” … one ought to recognize that the present political chaos is connected with the decay of language, and that one can probably bring about some improvement by starting at the verbal end. If you simplify your English, you are freed from the worst follies of orthodoxy. You cannot speak any of the necessary dialects, and when you make a stupid remark its stupidity will be obvious, even to yourself. Political language-and with variations this is true of all political parties, from Conservatives to Anarchists–is designed to make lies sound truthful and murder respectable, and to give an appearance of solidity to pure wind. One cannot change this all in a moment, but one can at least change one’s own habits, and from time to time one can even, if one jeers loudly enough, send some worn-out and useless phrase–some JACKBOOT, ACHILLES’ HEEL, HOTBED, MELTING POT, ACID TEST, VERITABLE INFERNO or other lump of verbal refuse–into the dustbin where it belongs.” [1]


So if you have read this far, no doubt you are thinking “What does this have to do with requirements?”  The answer to that comes towards the end of Orwell’s article when he provides six rules for improving English writing.   And these rules are just as applicable to writing good requirements as they were [and are] to improving political journalism.


Those rules are: [1]
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The CPRE-FL Certification and Exam – Thoughts and Experiences

After about three and half months of (mostly) weekend study, I sat for and passed the Certified Professional for Requirements Engineering – Foundation Level (CPRE-FL) exam today. And for anyone interested or who might benefit from it, I thought I would share some thoughts on the certification itself, the exam, and my study process.

The Certification

For anyone not familiar with the CPRE certifications from the Certification wiki page on this site, or the CPRE wiki page, you should be aware that the CPRE certification is offered by the International Requirements Engineering Board (IREB) as an entry-level certification for those who either wish to, or are, engaged in requirements engineering practices.   As a Foundation-level exam, the focus is on core concepts in eliciting, documenting, validating, and managing requirements.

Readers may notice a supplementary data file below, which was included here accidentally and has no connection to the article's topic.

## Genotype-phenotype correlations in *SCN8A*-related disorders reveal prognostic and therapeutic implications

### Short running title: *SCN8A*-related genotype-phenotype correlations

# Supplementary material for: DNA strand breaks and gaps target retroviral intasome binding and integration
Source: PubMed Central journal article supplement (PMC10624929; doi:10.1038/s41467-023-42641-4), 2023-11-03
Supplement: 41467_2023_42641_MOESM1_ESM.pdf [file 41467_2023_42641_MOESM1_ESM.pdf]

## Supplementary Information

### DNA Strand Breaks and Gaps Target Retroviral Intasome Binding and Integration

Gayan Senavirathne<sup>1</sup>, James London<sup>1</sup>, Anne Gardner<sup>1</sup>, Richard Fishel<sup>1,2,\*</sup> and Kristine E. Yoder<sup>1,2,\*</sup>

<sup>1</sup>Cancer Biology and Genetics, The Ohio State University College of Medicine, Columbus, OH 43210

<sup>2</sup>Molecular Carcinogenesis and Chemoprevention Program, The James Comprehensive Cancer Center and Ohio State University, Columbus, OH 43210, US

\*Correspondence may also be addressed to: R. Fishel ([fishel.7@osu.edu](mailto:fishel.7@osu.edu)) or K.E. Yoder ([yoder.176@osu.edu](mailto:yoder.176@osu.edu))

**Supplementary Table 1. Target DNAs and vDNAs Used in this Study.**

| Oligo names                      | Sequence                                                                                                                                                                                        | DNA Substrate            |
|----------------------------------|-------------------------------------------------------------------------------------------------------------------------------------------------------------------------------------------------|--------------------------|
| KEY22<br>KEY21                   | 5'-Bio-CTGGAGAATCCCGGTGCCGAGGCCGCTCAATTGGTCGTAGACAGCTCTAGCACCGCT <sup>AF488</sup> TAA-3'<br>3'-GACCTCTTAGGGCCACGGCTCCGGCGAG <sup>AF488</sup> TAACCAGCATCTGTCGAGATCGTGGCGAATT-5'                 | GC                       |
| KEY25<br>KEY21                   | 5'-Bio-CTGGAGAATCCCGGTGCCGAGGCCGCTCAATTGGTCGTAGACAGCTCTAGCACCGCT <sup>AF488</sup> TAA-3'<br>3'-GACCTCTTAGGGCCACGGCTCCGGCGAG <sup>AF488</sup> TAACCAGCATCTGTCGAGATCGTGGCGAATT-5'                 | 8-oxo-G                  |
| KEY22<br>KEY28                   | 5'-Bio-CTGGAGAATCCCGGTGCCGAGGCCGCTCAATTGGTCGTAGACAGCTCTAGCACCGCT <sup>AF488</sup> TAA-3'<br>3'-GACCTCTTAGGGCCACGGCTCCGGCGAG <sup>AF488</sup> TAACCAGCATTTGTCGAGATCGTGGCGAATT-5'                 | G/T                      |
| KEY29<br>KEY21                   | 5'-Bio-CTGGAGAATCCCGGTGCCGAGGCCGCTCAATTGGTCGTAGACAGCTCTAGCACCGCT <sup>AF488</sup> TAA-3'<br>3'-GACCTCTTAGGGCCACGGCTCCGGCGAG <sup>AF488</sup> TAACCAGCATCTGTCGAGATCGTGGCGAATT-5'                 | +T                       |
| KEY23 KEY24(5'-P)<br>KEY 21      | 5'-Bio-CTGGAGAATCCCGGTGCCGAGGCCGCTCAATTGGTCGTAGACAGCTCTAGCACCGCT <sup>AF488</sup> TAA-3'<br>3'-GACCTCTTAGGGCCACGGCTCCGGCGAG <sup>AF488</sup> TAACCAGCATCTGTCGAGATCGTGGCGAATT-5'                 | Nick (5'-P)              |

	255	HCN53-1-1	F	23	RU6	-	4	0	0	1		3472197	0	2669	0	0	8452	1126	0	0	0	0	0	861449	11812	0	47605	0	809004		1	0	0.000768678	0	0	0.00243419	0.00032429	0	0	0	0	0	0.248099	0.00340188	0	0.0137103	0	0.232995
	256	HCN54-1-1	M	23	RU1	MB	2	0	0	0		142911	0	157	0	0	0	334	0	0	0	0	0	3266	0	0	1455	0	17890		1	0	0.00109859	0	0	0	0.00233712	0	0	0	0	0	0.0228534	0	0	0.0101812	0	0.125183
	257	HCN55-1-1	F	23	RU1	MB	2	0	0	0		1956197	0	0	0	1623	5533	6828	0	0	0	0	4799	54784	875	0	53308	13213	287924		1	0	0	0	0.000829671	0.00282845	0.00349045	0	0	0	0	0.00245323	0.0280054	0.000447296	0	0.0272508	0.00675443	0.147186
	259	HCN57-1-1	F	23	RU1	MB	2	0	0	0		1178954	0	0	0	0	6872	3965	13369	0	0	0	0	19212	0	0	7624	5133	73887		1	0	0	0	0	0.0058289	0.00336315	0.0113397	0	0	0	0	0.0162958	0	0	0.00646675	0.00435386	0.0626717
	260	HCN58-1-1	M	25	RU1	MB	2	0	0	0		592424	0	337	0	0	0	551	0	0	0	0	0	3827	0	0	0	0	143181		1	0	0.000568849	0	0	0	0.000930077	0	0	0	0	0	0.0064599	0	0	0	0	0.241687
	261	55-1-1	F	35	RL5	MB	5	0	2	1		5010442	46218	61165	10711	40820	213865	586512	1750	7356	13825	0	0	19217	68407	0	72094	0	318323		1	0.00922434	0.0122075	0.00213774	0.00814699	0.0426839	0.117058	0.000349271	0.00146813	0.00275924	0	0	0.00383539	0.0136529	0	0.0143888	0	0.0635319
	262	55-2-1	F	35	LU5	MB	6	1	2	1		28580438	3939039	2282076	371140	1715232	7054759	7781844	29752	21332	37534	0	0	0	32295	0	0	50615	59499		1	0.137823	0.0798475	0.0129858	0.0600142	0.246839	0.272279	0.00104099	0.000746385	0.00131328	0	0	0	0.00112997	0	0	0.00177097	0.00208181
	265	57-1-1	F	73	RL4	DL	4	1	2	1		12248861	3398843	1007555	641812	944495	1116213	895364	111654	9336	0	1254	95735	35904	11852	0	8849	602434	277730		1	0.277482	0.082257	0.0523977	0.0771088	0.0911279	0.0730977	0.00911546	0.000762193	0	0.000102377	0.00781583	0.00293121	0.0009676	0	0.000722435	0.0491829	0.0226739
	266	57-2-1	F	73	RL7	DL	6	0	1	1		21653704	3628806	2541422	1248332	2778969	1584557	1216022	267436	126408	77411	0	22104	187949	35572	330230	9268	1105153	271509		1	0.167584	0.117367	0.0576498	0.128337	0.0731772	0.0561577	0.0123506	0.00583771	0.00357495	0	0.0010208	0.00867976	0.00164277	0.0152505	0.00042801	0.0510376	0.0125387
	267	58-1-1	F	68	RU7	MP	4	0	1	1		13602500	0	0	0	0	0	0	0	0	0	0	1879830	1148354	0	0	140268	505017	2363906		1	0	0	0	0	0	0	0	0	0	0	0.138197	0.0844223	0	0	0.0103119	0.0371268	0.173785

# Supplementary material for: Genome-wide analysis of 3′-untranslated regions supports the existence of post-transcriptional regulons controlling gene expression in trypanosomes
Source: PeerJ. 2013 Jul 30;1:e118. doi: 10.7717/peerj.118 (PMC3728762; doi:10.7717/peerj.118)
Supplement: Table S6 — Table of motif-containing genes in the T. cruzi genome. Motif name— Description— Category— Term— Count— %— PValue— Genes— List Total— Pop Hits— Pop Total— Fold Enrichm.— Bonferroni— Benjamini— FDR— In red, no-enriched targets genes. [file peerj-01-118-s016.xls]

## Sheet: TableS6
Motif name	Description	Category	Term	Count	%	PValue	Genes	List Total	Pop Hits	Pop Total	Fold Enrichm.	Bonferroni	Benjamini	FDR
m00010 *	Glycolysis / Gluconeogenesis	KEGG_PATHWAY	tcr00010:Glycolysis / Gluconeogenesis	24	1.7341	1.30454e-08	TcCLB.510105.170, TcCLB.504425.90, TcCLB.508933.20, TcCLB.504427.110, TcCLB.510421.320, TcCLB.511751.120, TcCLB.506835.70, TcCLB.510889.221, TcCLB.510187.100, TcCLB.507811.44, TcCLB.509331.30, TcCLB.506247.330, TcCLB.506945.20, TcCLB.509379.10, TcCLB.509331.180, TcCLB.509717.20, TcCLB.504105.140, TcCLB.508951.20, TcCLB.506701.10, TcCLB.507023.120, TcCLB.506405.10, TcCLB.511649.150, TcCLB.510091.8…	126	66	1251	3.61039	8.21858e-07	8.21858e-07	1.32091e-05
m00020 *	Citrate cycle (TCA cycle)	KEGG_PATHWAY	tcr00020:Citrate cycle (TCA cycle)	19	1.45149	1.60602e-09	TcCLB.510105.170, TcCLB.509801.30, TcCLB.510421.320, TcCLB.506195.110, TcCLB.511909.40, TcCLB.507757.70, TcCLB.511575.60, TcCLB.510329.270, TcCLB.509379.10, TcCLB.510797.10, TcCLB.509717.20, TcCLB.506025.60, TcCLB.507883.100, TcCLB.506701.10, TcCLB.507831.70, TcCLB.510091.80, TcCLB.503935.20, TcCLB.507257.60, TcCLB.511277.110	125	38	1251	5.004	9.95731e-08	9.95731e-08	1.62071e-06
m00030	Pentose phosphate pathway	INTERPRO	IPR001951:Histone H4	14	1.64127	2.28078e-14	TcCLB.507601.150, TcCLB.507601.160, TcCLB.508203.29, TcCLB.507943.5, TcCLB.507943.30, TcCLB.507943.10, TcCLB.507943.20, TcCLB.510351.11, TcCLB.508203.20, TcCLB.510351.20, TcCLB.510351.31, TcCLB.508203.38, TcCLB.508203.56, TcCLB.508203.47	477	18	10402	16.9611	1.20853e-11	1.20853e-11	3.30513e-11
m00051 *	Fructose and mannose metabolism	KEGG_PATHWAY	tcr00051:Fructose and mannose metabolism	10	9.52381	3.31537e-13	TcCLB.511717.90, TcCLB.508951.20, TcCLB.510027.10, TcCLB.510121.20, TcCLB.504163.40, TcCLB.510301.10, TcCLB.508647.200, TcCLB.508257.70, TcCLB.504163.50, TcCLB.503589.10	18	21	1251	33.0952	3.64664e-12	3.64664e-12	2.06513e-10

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Better Business Analysis Through Problem Statements

NOTE: As part of a BA discussion group at work, we were discussing different ways to encourage a focus on defining the root cause of the problem before a solution is specified. We had all had far too many experiences with a business partner saying “the problem is that the system does not …. (have a drop-down here, have this extra screen, a button for this, etc.)”, where the problem is defined as the lack of the solution they have already decided upon without any investigation to ensure that the problem has been correctly identified. I brought up the use of Problem Statements, and was asked by my peers to write up my ideas in more detail. I ended up writing it in article format so that it could be shared ahead of time, and it was deliberately written to generate some discussion. I hope you find it useful as well.



A problem can be defined as “a difference between the expected state affairs and the actual state affairs”. And according to Wikipedia a problem statement “is a concise description of the issues that need to be addressed by a problem solving team and should be presented to them (or created by them) before they try to solve the problem”. [1]

Problem Statements are a common aspect of Project Management. They are frequently included in a Project Charter, with the Problem Statement identifying what problem the project is focused on solving and the Business Case identifying why the problem should be solved (usually in the form of some specific benefit(s) to be gained).

However, problem statements should also be used in the Elicitation and Requirements Analysis aspects of Business Analysis work.